Two Bottles Stefan Müller
We drink two bottles of Riesling Kabinett 2018 from Stefan Müller's Niedermennig vineyards Herrenberg and Sonnenberg.
The international audience certainly has a lot of fun with the pronunciation of the two site names Niedermenniger Herrenberg and Niedermenniger Sonnenberg. I mean they hardly fit on the picture of the bottles and that has to mean something already. I admit that also with me these long vineyard names do not burn themselves exactly into the memory. At the same time, however, I find that this is exactly what makes German wine and if you are honest, some site and origin designations from the surrounding countries are not really much shorter or more memorable either. Then, as a bonus, there’s the predicate: Kabinett. One is feinherb and the other with a little more residual sugar but from old vines. Kabinett is itself only the lowest predicate level and thus depends on the sugar content of the grapes at harvest and a few other legal requirements. Added sugar is not allowed. Otherwise, a lot is possible from dry to sweet. Many wine drinkers, myself included, certainly associate Kabinett with Riesling from Mosel, Saar and Ruwer, the play of acidity and residual sugar and moderate alcohol. And today’s two bottles also come from there. Stefan Müller makes wine in the eponymous winery in the third generation and, in his early 30s, still has many years ahead of him. The winery cultivates just over 10 hectares of vines, which are planted primarily with Riesling on steep slate slopes. This generally forces a lot of manual labor. The wines are then fermented with wild yeasts after harvest and aged in steel or traditional wooden barrels.
We start with the Niedermenniger Herrenberg Kabinett feinherb. There is relatively little fruit coming out of the glass, but a whole lot of stone. The wine feels cool and enormously focused. In the mouth, it has a light citrus note and a crisp acidity. The wine comes in at 10% alcohol and about 25 grams of residual sugar, but not much of that is noticeable due to the acidity. Not that the wine is sour, but it does have a punch and pulls on the cheeks.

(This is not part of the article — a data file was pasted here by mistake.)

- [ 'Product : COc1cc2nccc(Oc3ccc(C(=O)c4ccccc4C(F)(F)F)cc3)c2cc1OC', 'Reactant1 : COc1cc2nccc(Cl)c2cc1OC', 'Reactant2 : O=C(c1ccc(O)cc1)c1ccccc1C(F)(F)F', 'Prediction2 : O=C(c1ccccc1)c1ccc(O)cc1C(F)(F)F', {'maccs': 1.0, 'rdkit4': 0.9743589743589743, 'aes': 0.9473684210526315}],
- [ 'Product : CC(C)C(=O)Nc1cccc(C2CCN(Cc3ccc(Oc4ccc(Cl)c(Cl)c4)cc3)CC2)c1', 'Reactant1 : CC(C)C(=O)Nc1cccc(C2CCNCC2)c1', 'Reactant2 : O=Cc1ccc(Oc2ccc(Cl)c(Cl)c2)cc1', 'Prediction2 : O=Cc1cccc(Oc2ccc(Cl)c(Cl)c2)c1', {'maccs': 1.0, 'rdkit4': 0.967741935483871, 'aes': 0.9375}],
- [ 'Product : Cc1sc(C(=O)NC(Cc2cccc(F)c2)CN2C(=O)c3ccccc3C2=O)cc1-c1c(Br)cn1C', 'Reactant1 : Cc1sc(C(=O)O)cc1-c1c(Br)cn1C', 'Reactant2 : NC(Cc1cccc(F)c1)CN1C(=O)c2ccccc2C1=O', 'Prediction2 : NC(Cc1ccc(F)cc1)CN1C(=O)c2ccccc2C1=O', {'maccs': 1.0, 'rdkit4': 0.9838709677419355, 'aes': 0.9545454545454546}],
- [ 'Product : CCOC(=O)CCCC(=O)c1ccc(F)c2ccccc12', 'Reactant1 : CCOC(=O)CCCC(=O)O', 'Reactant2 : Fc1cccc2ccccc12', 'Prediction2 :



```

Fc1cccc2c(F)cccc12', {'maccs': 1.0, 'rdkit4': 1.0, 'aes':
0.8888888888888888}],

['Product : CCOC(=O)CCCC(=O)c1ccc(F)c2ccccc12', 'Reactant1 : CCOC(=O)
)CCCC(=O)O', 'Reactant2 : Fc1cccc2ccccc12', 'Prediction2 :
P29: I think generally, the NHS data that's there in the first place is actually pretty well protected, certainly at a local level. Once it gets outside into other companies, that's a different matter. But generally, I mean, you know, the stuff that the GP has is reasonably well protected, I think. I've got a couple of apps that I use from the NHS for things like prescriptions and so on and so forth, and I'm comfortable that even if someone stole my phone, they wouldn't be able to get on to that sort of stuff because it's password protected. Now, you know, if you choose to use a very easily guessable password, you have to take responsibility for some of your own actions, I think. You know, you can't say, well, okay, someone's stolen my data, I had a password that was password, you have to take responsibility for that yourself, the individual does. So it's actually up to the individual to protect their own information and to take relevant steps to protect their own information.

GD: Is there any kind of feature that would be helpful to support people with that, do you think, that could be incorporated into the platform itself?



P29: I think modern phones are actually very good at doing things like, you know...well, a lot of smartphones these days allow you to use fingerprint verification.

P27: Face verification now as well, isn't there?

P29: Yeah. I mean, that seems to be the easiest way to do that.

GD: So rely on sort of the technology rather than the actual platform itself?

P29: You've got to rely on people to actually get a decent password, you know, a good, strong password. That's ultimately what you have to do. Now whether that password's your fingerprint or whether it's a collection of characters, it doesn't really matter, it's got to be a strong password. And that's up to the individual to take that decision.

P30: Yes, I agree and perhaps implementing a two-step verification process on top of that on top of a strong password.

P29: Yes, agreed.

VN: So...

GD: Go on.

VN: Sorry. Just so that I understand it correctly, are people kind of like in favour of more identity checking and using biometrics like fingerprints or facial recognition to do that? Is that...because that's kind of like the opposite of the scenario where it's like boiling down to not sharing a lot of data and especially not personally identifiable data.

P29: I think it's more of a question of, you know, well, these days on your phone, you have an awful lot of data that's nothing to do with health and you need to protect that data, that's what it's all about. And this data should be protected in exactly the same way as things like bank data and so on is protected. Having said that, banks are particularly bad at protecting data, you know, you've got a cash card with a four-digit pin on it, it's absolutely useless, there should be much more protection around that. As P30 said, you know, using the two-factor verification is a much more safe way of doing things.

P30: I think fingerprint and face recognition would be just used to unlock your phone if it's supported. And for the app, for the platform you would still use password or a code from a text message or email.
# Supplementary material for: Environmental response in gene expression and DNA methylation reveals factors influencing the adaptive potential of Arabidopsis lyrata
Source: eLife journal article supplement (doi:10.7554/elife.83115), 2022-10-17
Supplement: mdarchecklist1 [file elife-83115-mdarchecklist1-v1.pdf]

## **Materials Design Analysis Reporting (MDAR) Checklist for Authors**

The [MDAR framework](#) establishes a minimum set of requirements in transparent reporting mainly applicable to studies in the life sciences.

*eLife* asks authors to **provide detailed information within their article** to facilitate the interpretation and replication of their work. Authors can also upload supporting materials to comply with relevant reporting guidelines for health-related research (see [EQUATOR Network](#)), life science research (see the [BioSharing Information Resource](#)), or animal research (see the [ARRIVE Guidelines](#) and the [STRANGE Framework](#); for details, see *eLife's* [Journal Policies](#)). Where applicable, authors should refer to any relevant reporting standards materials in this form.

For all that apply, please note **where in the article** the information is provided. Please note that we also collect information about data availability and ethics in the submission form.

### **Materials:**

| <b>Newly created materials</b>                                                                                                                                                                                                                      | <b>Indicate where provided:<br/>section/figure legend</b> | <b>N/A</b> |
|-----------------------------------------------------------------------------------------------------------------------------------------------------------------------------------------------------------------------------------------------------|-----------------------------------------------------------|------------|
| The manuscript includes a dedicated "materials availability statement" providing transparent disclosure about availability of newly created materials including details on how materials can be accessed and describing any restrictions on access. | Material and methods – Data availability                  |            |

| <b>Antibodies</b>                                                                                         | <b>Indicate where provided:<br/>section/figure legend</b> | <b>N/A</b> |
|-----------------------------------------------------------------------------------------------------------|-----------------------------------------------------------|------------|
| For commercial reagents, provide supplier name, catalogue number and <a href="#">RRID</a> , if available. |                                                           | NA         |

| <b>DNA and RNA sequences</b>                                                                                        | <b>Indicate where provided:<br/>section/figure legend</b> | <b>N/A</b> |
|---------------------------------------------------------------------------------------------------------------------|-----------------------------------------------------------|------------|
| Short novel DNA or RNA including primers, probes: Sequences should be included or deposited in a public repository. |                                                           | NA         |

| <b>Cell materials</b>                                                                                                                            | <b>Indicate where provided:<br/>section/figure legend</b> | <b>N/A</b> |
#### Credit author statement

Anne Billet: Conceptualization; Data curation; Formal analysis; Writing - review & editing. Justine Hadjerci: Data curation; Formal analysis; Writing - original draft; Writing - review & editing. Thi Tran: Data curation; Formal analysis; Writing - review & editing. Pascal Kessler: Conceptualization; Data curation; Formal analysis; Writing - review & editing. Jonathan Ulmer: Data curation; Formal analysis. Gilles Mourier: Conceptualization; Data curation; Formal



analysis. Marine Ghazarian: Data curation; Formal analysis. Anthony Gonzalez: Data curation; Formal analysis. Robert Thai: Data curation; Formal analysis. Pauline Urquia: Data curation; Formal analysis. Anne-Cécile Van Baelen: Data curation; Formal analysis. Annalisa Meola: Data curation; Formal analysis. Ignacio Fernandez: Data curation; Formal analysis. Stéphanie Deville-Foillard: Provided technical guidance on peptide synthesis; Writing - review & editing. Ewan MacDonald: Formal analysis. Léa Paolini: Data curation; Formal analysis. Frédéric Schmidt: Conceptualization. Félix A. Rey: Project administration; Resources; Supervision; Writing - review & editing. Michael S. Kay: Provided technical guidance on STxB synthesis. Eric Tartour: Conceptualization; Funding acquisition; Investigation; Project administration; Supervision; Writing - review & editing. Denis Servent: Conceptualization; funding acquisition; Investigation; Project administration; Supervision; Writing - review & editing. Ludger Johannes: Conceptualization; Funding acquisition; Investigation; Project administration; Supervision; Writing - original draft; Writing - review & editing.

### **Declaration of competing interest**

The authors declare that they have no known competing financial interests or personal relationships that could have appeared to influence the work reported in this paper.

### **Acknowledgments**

A day of air really helps the wine develop. The nose becomes more intense and deeper. The dominant note remains the wet stone, but the fruit can now counter this more. And on the tongue, too, the Riesling seems a bit sweeter and fruitier. Which is not to say that it has lost acidity, and the elegance has not been lost either. This is so perfectly suited to the Saar with its reputation of purist Rieslings with a lively acidity.
The Niedermenniger Sonnenberg Kabinett Alte Reben weighs in at 9%, a bit less alcohol, but about 20 grams more sugar per liter. The Kabi starts even more reserved than the Herrenberg. Clearly reductive, flint, minerality. On the tongue is pome fruit and other light yellow fruits. You can taste the extra sugar, but even in this wine the acidity has something to counteract it. It does seem creamier than the other bottle, though. Relatively quickly, floral aromas come to the nose and herbs to the tongue.
In contrast to the off-dry counterpart, there is less development overnight. The wine is just as straight as it left off the first evening. Little fruit, lots of flint on the nose. Where the nose seems a bit more austere, it is fuller in the mouth and also a bit rounder. For me, this is the more balanced wine today and therefore just has the edge in a direct comparison. It has everything I expect from Kabi, is precise, has power, fruit, stone and really packs a punch. Everything is there and for the 9 euros that it cost at the time, it was a real bargain. The current vintage costs around 11 euros. But only if you are quick, the wines are actually sold out pretty fast.
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